As you can probably tell, I’ve watched this one a lot. I’m reasonably confident I could recite it from scratch . I’ve said it before, but I’m a fairly unabashed Dr. Seuss fan. Few poets have matched his zest for unusual wordplay, before or since, and his works, though light and humorous in tone, often address serious topics. In The Grinch, Seuss reminds us that there’s more to Christmas than its commercial trappings (the same message espoused in A Charlie Brown Christmas, albeit far less subtly in that case). The rhyme and rhythm give the story a driving feeling and add to its memorable quality. How the Grinch Stole Christmas! is unquestionably a holiday classic.
-The special is narrated (and the Grinch voiced) by horror legend Boris Karloff, best known for his roles as the monster in 1931’s “Frankenstein” and 1932’s “The Mummy.” The Grinch was one of Karloff’s last roles – he was nearly 80 years old.
-The distinctive bass vocals on “You’re a Mean One, Mr. Grinch,” often erroneously credited to Boris Karloff as well, were actually performed by Thurl Ravenscroft. Longtime BTMN readers should be no stranger to the name: Along with featuring prominently in many music recordings of the 60s (particularly for multiple Disney theme park attractions), Thurl Ravenscroft also originated the roll of Frosted Flakes mascot Tony the Tiger. There’s a lot of good voice actors out there, but only a handful are truly GRRREAT!
-The special was directed by Chuck Jones, who directed many of the classic Looney Tunes cartoons.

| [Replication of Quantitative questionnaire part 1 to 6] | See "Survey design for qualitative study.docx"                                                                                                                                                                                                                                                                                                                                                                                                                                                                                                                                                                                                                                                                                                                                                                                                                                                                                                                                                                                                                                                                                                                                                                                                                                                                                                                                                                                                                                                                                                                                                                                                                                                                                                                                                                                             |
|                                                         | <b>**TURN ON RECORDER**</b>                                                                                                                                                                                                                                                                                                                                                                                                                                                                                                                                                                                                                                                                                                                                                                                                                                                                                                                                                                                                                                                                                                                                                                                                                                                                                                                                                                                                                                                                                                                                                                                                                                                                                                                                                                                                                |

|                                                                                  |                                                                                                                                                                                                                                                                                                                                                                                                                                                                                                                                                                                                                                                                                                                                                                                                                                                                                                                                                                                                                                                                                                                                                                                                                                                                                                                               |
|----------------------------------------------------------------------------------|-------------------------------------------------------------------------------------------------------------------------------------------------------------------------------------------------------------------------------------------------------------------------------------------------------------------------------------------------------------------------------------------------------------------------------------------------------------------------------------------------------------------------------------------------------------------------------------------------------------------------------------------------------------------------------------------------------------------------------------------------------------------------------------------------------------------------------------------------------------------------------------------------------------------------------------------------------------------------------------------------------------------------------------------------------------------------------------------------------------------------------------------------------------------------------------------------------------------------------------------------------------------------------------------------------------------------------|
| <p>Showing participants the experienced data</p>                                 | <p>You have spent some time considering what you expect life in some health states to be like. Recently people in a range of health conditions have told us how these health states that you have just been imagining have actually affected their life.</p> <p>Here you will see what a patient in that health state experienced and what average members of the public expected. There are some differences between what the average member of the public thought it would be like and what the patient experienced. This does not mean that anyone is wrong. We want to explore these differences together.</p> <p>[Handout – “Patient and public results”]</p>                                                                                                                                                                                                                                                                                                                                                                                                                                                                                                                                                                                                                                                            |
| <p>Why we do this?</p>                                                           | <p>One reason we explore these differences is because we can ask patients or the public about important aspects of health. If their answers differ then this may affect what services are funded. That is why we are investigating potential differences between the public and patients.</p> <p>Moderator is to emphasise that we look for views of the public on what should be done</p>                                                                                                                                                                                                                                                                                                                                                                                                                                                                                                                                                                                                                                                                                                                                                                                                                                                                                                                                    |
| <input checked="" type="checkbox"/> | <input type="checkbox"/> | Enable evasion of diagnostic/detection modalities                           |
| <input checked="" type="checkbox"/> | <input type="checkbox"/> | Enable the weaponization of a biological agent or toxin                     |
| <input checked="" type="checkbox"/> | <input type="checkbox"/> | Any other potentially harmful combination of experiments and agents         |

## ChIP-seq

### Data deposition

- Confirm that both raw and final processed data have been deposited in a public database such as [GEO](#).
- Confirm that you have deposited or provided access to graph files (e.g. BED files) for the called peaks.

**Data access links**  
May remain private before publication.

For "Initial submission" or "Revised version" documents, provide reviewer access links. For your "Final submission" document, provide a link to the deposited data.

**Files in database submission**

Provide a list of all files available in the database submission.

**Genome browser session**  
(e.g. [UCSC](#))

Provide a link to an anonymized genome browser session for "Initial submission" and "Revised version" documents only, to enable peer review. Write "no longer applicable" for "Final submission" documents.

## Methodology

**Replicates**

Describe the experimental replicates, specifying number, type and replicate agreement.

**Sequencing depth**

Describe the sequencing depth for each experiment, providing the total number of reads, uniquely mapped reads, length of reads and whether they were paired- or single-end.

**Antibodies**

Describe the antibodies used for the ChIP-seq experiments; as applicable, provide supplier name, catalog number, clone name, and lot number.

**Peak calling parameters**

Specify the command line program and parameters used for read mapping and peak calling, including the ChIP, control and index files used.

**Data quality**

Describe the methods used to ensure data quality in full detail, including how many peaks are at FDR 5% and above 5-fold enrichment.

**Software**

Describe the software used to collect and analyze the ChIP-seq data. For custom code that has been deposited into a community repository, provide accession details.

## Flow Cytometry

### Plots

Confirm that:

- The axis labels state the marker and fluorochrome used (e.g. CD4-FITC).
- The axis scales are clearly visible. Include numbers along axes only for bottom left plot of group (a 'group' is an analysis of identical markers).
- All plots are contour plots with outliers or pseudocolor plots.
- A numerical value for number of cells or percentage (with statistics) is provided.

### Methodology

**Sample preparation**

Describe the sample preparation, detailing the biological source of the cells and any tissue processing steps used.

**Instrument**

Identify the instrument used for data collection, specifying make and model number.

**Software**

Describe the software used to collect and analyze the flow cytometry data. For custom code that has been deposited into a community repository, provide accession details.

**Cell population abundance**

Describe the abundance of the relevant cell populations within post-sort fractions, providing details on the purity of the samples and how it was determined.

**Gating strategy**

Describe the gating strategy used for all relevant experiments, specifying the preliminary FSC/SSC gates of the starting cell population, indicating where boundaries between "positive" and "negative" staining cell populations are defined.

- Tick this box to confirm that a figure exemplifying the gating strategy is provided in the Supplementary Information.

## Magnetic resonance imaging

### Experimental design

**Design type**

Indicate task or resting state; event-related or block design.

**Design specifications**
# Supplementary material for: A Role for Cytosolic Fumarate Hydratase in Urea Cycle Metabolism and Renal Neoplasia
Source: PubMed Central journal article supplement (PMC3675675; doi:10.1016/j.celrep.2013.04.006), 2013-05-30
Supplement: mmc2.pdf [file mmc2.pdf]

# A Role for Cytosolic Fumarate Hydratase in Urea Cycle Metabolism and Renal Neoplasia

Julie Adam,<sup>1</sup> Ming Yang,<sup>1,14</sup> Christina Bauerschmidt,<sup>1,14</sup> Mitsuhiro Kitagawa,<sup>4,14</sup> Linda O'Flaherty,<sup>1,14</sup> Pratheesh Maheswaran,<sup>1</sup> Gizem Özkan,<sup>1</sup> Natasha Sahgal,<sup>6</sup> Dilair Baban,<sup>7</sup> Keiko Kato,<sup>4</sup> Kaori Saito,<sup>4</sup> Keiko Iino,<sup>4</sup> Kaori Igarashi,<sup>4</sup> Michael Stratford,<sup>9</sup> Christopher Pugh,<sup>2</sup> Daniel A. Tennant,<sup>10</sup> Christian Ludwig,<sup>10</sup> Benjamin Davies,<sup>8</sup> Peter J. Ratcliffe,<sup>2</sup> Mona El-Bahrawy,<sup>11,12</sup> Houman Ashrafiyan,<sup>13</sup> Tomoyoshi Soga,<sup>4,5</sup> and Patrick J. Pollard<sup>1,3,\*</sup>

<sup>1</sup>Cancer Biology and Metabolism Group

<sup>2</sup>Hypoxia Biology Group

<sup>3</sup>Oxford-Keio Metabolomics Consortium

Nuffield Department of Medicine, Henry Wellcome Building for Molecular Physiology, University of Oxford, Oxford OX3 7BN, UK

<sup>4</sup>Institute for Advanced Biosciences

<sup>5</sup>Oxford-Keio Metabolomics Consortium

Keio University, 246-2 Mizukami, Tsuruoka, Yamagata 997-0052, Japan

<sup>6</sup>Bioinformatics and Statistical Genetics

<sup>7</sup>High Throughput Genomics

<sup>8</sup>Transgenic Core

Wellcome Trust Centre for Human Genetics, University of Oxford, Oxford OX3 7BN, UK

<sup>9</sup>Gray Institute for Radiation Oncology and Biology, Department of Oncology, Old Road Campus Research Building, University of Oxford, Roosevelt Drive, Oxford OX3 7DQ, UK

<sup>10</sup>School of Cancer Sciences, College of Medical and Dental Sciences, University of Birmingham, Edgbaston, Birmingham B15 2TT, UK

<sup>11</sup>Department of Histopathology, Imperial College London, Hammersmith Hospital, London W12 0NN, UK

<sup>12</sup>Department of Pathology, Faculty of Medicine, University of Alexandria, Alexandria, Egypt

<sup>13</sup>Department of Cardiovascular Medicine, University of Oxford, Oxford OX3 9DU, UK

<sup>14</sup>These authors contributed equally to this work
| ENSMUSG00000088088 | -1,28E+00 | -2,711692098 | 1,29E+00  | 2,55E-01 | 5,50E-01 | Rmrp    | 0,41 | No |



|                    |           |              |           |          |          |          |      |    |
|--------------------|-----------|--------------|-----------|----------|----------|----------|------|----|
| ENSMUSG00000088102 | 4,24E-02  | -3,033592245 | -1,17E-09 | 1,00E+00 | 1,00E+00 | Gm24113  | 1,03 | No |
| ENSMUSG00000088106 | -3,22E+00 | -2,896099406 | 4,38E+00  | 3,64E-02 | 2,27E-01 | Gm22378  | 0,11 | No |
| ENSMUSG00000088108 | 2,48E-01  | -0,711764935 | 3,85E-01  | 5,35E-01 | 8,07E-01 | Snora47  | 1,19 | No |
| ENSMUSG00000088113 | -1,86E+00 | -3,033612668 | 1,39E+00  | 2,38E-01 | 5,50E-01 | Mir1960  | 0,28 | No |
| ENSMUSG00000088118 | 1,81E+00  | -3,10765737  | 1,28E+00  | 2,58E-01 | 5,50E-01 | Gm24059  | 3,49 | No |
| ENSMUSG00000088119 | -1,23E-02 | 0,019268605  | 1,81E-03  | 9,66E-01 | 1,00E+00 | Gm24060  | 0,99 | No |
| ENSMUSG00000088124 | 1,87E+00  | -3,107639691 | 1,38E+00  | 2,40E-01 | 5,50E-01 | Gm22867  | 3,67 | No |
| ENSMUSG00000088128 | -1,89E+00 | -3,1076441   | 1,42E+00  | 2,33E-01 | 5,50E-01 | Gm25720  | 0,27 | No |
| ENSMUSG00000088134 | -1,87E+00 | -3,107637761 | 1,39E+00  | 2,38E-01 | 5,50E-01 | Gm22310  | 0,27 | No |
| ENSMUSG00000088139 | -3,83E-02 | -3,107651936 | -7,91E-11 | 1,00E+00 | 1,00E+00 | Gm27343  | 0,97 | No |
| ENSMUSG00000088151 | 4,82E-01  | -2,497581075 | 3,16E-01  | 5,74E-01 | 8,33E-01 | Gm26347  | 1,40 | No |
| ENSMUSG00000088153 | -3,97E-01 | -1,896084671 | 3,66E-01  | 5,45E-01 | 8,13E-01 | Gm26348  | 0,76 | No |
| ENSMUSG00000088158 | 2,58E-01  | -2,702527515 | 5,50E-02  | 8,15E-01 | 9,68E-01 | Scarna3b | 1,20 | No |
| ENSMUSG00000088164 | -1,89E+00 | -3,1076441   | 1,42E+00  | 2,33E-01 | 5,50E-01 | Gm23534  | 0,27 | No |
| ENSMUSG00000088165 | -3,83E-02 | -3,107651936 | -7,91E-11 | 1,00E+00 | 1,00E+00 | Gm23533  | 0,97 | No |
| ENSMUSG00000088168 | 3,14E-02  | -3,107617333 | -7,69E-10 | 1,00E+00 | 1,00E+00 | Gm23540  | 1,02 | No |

–How the Grinch Stole Christmas! is also the first (and by far the most well known) of a series of similarly animated TV specials based on Dr. Seuss’ work produced throughout the 60s and 70s, and into the 80s. These include not only adaptations of books including The Cat in the Hat, The Lorax, The Sneetches, and The Butter Battle Book, but also sequels such as Halloween is Grinch Night, which was featured in October’s Creepy Classic Countdown. Some were even created by Seuss specifically for television, including the bizarre Hoober-Bloob Highway and Pontoffel Pock, Where are You?
-While this abundance of TV specials suggests Dr. Seuss wasn’t opposed to branching out into new media or monetizing his work…I really don’t care for the live-action “Grinch” adaptation, and I don’t think he would either. It’s crass, and adds unnecessary back-story to pad out a feature length. Worst of all, the film muddies the story’s message by making the Whos unlikeable through their garish consumerism. As I read it, the point of the book is that those who truly have the “Christmas spirit” enjoy the holiday for more than just the material aspects of the season. In the book, this is something the Whos already know, and that the curmudgeonly Grinch must learn. In the live-action film, it’s the selfish, materialistic Whos who need to learn that lesson, and the Grinch seems more justified in his attack on them. It just leaves a sour taste in my mouth all around.
As far as I’m concerned, stick with the animated original. As The 5,000 Fingers of Dr. T can attest, if you want a good live-action film which captures the essence of a Dr. Seuss story, you need to have Dr. Seuss make it himself. Too bad he’s dead.